@#!*% Swear Words

I use swear words while driving.

It feels slightly cathartic writing that…like it’s a true confession.

I actually use swear words more than just while I’m driving.  My parents had a philosophy that words were just words…you just needed to know when it was socially acceptable to use particular words.  They taught my brother and I to expand our vocabulary and to become selective in which words we chose to use.  Words matter.  And the meaning behind each word matters.  It’s not enough to say “kind” when you really mean “considerate” or “gracious.”  My parents taught me that the meaning behind each word is important and that the use of a particular word should be deliberate.  They taught us that there was a need for cuss words, but that we should be selective when we used them.  It’s a thought that I’ve carried my whole life.

And until this last week, I didn’t think much of it.  You see, this last week my 7 year old gave me a vocabulary lesson.

I was driving and he was in the back seat. For whatever reason, I chose to use a particular word…and it’s one I chose specifically for it’s meaning.  My son said, “Mama, you shouldn’t use that word…it’s a bad word.”

So I seized the opportunity. I thought to myself, “I have this wonderful teaching moment…I have a chance to be as amazing as my own parents!”

I replied to my son, “Buddy, there aren’t any bad words…there are just words that we associate with having bad meanings.  When I use that word, does it hurt you?”

Very cautiously, very slowly, very guardedly, my little guy replied, “No….but I’m pretty sure it hurts God.”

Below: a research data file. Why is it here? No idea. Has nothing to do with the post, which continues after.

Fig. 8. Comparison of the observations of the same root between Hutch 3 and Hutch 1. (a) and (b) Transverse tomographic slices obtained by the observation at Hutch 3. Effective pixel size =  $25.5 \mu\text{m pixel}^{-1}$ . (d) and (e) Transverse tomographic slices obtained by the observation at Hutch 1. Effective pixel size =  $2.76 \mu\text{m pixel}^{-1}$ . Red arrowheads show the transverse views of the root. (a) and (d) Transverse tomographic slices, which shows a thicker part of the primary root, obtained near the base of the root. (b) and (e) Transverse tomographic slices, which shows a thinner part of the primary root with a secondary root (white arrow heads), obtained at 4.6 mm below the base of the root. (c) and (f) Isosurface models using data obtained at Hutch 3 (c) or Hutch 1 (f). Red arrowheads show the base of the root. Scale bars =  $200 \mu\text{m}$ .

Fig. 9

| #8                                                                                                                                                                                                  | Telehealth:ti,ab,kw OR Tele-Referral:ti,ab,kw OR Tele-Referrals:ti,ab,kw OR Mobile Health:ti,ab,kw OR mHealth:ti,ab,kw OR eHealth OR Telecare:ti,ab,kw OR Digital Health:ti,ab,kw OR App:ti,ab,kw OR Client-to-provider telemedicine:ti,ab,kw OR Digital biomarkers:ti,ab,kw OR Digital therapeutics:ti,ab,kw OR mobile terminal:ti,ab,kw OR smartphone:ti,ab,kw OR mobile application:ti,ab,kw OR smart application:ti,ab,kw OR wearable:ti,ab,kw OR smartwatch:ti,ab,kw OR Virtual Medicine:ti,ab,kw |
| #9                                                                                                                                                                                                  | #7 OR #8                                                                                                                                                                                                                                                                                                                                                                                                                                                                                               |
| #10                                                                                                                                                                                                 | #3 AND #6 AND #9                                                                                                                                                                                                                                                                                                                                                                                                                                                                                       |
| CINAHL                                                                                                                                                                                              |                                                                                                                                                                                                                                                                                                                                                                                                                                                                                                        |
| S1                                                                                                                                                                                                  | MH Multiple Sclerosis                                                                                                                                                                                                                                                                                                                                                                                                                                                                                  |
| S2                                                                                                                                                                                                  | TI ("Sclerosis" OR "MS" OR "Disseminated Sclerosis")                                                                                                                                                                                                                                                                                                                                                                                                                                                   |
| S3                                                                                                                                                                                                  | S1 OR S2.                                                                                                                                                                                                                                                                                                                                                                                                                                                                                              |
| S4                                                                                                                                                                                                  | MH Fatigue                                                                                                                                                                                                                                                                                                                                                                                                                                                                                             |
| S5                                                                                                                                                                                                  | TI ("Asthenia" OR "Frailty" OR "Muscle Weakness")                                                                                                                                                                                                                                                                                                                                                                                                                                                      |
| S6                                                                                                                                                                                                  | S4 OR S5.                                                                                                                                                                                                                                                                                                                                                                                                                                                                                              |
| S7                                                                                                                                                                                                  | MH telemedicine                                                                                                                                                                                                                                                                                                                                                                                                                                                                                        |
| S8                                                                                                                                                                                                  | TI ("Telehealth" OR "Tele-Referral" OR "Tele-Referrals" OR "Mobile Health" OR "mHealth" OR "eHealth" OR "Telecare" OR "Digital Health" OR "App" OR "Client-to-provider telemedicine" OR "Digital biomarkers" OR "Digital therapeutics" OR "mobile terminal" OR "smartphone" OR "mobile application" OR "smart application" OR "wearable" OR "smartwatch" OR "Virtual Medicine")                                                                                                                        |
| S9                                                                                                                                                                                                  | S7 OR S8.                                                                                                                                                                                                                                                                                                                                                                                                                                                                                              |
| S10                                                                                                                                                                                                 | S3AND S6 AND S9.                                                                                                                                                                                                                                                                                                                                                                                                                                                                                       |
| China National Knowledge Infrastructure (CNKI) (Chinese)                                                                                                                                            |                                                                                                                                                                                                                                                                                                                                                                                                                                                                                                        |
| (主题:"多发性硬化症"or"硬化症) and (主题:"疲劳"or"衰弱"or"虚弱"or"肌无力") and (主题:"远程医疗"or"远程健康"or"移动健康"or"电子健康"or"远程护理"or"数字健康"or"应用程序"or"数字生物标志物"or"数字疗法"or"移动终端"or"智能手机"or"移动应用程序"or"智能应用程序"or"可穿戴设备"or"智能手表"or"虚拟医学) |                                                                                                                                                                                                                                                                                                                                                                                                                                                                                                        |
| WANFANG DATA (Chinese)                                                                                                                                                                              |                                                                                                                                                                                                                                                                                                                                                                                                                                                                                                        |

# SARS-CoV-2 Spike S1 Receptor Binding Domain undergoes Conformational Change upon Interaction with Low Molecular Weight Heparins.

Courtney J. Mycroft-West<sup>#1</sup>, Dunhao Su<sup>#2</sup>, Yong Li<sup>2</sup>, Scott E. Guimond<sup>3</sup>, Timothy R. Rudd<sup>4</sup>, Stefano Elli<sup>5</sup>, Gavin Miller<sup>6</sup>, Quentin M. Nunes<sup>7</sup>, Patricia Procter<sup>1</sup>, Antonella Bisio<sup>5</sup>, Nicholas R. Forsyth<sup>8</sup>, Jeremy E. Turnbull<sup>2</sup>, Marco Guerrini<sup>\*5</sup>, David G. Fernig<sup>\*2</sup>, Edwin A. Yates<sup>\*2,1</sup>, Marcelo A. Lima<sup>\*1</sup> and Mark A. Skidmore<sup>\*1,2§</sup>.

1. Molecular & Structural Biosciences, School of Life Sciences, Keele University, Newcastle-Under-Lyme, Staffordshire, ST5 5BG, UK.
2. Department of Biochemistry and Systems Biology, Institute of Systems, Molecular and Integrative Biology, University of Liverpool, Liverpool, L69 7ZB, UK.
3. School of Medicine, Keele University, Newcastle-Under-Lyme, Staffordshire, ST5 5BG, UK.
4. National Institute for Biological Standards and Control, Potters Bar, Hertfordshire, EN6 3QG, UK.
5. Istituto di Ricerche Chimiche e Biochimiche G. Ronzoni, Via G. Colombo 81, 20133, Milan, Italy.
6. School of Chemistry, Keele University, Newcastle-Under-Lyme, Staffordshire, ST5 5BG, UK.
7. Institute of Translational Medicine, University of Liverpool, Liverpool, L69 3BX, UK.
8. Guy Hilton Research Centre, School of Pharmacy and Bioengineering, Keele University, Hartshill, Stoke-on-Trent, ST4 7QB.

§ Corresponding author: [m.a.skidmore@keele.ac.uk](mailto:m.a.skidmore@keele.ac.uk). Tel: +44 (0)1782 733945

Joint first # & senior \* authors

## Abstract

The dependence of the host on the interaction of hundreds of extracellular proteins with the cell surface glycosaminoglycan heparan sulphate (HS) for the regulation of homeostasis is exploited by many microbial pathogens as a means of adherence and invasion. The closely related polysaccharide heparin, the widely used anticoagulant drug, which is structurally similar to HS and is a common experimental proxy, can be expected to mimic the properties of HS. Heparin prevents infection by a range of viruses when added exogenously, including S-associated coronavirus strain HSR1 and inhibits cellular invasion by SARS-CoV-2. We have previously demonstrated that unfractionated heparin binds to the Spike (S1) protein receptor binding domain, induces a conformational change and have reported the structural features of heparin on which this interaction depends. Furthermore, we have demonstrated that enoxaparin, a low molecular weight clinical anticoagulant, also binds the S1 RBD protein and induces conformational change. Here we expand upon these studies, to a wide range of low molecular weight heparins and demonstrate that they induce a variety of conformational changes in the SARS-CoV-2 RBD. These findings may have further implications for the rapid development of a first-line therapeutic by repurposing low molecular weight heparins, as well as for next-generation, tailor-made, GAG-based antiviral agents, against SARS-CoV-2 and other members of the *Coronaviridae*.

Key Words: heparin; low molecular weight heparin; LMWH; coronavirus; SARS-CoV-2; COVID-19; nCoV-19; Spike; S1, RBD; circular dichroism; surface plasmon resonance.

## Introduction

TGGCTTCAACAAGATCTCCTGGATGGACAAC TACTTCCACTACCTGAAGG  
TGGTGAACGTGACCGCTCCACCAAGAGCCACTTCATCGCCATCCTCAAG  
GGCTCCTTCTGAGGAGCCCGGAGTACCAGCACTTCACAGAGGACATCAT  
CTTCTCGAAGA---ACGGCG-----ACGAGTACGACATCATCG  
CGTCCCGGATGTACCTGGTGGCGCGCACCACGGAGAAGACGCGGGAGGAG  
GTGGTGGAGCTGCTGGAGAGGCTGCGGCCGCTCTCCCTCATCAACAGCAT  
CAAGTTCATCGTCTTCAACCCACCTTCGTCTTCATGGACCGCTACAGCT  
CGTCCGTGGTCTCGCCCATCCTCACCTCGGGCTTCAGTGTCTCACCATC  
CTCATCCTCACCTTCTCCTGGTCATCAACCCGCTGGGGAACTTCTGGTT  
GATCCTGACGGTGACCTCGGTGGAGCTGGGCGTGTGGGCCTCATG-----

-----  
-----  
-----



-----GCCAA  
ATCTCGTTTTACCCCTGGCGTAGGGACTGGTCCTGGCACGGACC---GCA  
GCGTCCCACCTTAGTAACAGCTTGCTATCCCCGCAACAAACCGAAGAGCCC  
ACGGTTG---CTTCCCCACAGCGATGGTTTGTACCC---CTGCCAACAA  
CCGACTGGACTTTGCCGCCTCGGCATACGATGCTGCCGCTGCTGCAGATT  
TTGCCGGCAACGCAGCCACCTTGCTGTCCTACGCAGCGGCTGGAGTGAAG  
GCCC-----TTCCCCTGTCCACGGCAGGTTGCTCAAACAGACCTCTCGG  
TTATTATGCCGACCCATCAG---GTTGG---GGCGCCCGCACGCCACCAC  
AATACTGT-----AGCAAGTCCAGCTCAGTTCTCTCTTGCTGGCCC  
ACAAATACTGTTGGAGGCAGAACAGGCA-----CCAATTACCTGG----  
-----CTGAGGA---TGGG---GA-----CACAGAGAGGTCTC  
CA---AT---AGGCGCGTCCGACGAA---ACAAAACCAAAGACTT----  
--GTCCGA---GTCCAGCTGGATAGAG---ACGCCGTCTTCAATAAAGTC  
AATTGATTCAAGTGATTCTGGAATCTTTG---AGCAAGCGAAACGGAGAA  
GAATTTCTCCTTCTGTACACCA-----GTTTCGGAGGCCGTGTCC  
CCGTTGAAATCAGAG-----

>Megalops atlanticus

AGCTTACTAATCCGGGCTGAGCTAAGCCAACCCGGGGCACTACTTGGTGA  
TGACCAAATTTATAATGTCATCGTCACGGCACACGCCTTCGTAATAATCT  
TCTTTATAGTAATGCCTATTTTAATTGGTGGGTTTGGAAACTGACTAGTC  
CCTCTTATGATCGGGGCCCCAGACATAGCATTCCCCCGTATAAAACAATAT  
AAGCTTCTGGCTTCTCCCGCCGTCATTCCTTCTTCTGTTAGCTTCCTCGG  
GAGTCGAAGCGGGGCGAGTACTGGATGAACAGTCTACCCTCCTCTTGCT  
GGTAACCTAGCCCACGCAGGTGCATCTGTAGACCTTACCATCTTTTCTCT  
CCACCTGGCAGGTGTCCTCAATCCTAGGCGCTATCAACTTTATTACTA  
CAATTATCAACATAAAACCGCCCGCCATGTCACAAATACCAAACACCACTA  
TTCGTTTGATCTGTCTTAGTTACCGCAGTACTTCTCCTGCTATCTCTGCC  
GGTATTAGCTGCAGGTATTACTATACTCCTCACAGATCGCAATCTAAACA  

Gut Punch to the Mama. Seriously, kid?!?!?!  I felt like I had the wind knocked out of me.  What in the Sam-Hill am I supposed to say to that?!?!?! (See, I’m still struggling with swear word replacements!).

“You know what Buddy, you’re right.  That probably does hurt God.  I’ll do my best to stop saying those words.”

I have never subscribed to the thought that the Bible specifically bans the use of curse words. However, there are plenty of scriptures that discourage the use of profanity.

“Do not let any unwholesome talk come out of your mouths, but only what is helpful for building others up according to their needs, that it may benefit those who listen.” ~Ephesians 4:29 (NIV)

 “Avoid godless chatter, because those who indulge in it will become more and more ungodly.” ~2 Timothy 2:16 (NIV)

 What I have always subscribed to is the thought that our mouths either build up or tear down. This is true for the Christian and for the non-Christian.  Essentially, the words we choose can help or harm others.

This makes perfect sense when you consider how words impact your own day.  As an example, imagine yourself stopping before work to get a coffee. Someone in line tells you that they love your hair.  For nearly everyone, a compliment like that would automatically make you smile.  It lifts you up.  Yet if someone in the same line says something snarky or tells you to watch where you are going, you are automatically put on the defensive. You may react negatively or you may internalize the words. Either way, you aren’t smiling. You aren’t lifted up.

When considering building or tearing, I want to be a Godly woman who builds others up.  Even in a moment of frustration, my use of curse words does not build anyone up.  In fact, it caused my child to pause enough that he felt compelled to correct my behavior.

While I don’t believe that using profanity is the worst thing a human can do, I can agree that it is not glorifying to God.  As a result of my parents encouraging an ever-growing vocabulary, I have a stockpile of other words I could choose to use when frustrated or angry.   In order to become a “builder” of others, I want to glorify God with my word choices.

Like I told my little guy, I’m going to do my best to stop choosing those words.

~Emily

 “My tongue will speak of your righteousness and of your praises all day long.”  ~Psalm 35:28 (NIV)